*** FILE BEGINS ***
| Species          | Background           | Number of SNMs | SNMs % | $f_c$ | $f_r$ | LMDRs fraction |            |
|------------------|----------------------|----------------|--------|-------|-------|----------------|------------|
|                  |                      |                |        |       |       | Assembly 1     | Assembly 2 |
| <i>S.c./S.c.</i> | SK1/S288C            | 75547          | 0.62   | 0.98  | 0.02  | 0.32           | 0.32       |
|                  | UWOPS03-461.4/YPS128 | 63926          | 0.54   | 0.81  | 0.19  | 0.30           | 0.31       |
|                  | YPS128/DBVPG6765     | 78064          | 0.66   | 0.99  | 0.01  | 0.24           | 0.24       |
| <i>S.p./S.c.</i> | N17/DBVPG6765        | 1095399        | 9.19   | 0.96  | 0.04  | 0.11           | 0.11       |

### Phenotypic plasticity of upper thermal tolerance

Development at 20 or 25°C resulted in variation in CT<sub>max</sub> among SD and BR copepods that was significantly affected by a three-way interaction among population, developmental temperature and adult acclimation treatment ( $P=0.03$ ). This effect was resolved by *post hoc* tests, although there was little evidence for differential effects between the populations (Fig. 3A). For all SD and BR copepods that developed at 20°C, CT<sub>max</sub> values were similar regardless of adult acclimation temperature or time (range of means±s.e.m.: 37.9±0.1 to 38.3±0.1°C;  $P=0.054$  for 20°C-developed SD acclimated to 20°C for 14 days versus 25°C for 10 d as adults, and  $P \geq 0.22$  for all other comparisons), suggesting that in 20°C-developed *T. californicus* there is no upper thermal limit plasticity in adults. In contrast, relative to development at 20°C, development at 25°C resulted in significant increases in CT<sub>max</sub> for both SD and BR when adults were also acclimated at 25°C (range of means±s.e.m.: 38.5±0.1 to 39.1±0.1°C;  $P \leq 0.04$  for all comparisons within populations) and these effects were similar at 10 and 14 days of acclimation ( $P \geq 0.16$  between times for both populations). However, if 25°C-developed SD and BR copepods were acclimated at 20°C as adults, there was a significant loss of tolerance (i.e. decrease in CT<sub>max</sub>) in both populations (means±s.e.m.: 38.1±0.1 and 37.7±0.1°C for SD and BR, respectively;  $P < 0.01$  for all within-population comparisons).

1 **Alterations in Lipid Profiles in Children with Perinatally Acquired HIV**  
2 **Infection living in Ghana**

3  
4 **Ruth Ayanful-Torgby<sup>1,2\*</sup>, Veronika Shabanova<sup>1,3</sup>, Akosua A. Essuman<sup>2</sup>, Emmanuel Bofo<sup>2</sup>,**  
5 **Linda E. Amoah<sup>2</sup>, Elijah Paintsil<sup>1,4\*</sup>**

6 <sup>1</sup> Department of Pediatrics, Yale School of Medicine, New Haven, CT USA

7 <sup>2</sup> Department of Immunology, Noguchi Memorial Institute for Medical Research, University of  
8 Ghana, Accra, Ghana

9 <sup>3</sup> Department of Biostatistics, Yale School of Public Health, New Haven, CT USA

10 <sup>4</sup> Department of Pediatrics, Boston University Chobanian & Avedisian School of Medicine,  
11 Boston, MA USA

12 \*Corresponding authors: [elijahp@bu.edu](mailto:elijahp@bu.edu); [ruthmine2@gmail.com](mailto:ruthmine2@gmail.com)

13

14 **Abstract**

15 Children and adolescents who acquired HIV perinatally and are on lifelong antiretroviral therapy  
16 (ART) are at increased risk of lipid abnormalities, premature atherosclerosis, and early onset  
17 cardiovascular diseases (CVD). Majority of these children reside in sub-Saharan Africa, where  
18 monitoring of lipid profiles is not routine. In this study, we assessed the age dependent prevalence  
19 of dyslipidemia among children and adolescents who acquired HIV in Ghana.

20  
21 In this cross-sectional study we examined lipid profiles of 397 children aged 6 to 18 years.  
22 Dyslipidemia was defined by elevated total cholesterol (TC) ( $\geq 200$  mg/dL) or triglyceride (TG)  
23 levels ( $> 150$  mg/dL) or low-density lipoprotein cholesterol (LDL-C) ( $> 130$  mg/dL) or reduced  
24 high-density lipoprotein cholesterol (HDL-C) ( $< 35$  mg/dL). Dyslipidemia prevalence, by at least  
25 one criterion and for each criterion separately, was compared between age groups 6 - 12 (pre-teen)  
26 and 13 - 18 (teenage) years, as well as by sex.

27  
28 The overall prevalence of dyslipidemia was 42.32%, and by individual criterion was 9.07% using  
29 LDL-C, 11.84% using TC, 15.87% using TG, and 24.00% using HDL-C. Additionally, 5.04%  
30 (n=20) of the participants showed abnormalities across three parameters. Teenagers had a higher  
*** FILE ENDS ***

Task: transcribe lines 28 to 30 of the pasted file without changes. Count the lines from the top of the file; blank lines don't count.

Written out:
19 of dyslipidemia among children and adolescents who acquired HIV in Ghana.

20  
21 In this cross-sectional study we examined lipid profiles of 397 children aged 6 to 18 years.  